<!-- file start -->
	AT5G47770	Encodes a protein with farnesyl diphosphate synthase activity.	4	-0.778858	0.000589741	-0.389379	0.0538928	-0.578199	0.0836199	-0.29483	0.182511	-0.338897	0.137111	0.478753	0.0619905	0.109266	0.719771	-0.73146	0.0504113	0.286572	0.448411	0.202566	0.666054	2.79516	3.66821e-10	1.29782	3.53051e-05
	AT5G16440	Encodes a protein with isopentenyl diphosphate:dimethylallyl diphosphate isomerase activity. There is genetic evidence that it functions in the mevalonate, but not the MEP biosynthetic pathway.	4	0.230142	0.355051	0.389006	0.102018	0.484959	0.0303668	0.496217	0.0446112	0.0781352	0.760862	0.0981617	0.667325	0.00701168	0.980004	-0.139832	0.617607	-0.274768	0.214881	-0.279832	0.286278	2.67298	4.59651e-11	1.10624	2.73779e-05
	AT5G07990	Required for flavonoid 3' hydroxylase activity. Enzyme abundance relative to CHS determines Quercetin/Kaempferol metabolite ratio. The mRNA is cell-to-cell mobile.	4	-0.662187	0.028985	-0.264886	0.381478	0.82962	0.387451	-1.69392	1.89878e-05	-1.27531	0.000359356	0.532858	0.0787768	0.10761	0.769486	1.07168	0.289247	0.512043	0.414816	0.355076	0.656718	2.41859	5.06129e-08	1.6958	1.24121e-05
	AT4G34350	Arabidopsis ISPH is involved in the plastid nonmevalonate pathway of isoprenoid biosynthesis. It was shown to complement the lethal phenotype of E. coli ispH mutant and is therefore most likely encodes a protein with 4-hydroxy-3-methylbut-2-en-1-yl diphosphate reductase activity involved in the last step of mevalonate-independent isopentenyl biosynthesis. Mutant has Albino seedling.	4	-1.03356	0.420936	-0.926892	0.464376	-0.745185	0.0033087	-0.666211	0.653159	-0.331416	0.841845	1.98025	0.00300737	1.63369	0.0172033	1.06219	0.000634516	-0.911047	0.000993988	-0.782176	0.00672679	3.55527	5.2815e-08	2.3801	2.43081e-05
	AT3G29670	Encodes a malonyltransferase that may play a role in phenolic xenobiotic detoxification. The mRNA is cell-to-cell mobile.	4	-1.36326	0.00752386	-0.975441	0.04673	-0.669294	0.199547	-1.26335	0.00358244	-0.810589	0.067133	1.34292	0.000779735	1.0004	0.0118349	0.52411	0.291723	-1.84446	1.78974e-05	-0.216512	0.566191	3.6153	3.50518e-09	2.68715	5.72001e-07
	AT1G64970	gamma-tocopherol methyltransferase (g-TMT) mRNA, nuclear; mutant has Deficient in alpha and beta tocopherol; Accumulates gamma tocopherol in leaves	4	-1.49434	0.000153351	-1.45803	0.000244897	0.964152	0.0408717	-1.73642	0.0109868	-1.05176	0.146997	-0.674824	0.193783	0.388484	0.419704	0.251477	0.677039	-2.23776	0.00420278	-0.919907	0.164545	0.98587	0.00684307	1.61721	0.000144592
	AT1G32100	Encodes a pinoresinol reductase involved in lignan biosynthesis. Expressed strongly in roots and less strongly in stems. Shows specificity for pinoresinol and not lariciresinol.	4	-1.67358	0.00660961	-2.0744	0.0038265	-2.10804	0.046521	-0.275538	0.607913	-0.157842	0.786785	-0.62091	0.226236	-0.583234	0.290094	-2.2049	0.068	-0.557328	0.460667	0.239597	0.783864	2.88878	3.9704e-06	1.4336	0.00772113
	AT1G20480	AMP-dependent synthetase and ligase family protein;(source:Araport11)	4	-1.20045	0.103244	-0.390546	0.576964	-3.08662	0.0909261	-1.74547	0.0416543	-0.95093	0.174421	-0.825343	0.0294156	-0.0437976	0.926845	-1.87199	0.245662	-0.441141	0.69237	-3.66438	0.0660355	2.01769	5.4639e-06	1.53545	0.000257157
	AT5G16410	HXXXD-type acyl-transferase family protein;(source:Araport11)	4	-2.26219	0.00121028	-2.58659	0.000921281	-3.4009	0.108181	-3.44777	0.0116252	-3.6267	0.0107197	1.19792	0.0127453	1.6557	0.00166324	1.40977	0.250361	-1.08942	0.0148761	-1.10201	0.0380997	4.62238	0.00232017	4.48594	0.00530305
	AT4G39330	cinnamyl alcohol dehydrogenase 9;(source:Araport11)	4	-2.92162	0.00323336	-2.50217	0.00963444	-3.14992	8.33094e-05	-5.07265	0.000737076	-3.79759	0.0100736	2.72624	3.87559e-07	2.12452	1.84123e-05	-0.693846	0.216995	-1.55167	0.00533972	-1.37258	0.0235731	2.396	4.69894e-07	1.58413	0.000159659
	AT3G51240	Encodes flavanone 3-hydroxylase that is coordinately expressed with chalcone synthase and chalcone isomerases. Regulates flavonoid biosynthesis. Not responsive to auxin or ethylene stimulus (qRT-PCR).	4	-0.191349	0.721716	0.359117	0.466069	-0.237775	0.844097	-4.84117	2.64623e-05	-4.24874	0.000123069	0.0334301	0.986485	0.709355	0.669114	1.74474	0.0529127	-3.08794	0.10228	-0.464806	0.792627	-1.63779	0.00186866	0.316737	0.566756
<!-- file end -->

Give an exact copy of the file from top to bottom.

	AT5G47770	Encodes a protein with farnesyl diphosphate synthase activity.	4	-0.778858	0.000589741	-0.389379	0.0538928	-0.578199	0.0836199	-0.29483	0.182511	-0.338897	0.137111	0.478753	0.0619905	0.109266	0.719771	-0.73146	0.0504113	0.286572	0.448411	0.202566	0.666054	2.79516	3.66821e-10	1.29782	3.53051e-05
	AT5G16440	Encodes a protein with isopentenyl diphosphate:dimethylallyl diphosphate isomerase activity. There is genetic evidence that it functions in the mevalonate, but not the MEP biosynthetic pathway.	4	0.230142	0.355051	0.389006	0.102018	0.484959	0.0303668	0.496217	0.0446112	0.0781352	0.760862	0.0981617	0.667325	0.00701168	0.980004	-0.139832	0.617607	-0.274768	0.214881	-0.279832	0.286278	2.67298	4.59651e-11	1.10624	2.73779e-05
	AT5G07990	Required for flavonoid 3' hydroxylase activity. Enzyme abundance relative to CHS determines Quercetin/Kaempferol metabolite ratio. The mRNA is cell-to-cell mobile.	4	-0.662187	0.028985	-0.264886	0.381478	0.82962	0.387451	-1.69392	1.89878e-05	-1.27531	0.000359356	0.532858	0.0787768	0.10761	0.769486	1.07168	0.289247	0.512043	0.414816	0.355076	0.656718	2.41859	5.06129e-08	1.6958	1.24121e-05
	AT4G34350	Arabidopsis ISPH is involved in the plastid nonmevalonate pathway of isoprenoid biosynthesis. It was shown to complement the lethal phenotype of E. coli ispH mutant and is therefore most likely encodes a protein with 4-hydroxy-3-methylbut-2-en-1-yl diphosphate reductase activity involved in the last step of mevalonate-independent isopentenyl biosynthesis. Mutant has Albino seedling.	4	-1.03356	0.420936	-0.926892	0.464376	-0.745185	0.0033087	-0.666211	0.653159	-0.331416	0.841845	1.98025	0.00300737	1.63369	0.0172033	1.06219	0.000634516	-0.911047	0.000993988	-0.782176	0.00672679	3.55527	5.2815e-08	2.3801	2.43081e-05
	AT3G29670	Encodes a malonyltransferase that may play a role in phenolic xenobiotic detoxification. The mRNA is cell-to-cell mobile.	4	-1.36326	0.00752386	-0.975441	0.04673	-0.669294	0.199547	-1.26335	0.00358244	-0.810589	0.067133	1.34292	0.000779735	1.0004	0.0118349	0.52411	0.291723	-1.84446	1.78974e-05	-0.216512	0.566191	3.6153	3.50518e-09	2.68715	5.72001e-07
	AT1G64970	gamma-tocopherol methyltransferase (g-TMT) mRNA, nuclear; mutant has Deficient in alpha and beta tocopherol; Accumulates gamma tocopherol in leaves	4	-1.49434	0.000153351	-1.45803	0.000244897	0.964152	0.0408717	-1.73642	0.0109868	-1.05176	0.146997	-0.674824	0.193783	0.388484	0.419704	0.251477	0.677039	-2.23776	0.00420278	-0.919907	0.164545	0.98587	0.00684307	1.61721	0.000144592
	AT1G32100	Encodes a pinoresinol reductase involved in lignan biosynthesis. Expressed strongly in roots and less strongly in stems. Shows specificity for pinoresinol and not lariciresinol.	4	-1.67358	0.00660961	-2.0744	0.0038265	-2.10804	0.046521	-0.275538	0.607913	-0.157842	0.786785	-0.62091	0.226236	-0.583234	0.290094	-2.2049	0.068	-0.557328	0.460667	0.239597	0.783864	2.88878	3.9704e-06	1.4336	0.00772113
	AT1G20480	AMP-dependent synthetase and ligase family protein;(source:Araport11)	4	-1.20045	0.103244	-0.390546	0.576964	-3.08662	0.0909261	-1.74547	0.0416543	-0.95093	0.174421	-0.825343	0.0294156	-0.0437976	0.926845	-1.87199	0.245662	-0.441141	0.69237	-3.66438	0.0660355	2.01769	5.4639e-06	1.53545	0.000257157
	AT5G16410	HXXXD-type acyl-transferase family protein;(source:Araport11)	4	-2.26219	0.00121028	-2.58659	0.000921281	-3.4009	0.108181	-3.44777	0.0116252	-3.6267	0.0107197	1.19792	0.0127453	1.6557	0.00166324	1.40977	0.250361	-1.08942	0.0148761	-1.10201	0.0380997	4.62238	0.00232017	4.48594	0.00530305
	AT4G39330	cinnamyl alcohol dehydrogenase 9;(source:Araport11)	4	-2.92162	0.00323336	-2.50217	0.00963444	-3.14992	8.33094e-05	-5.07265	0.000737076	-3.79759	0.0100736	2.72624	3.87559e-07	2.12452	1.84123e-05	-0.693846	0.216995	-1.55167	0.00533972	-1.37258	0.0235731	2.396	4.69894e-07	1.58413	0.000159659
	AT3G51240	Encodes flavanone 3-hydroxylase that is coordinately expressed with chalcone synthase and chalcone isomerases. Regulates flavonoid biosynthesis. Not responsive to auxin or ethylene stimulus (qRT-PCR).	4	-0.191349	0.721716	0.359117	0.466069	-0.237775	0.844097	-4.84117	2.64623e-05	-4.24874	0.000123069	0.0334301	0.986485	0.709355	0.669114	1.74474	0.0529127	-3.08794	0.10228	-0.464806	0.792627	-1.63779	0.00186866	0.316737	0.566756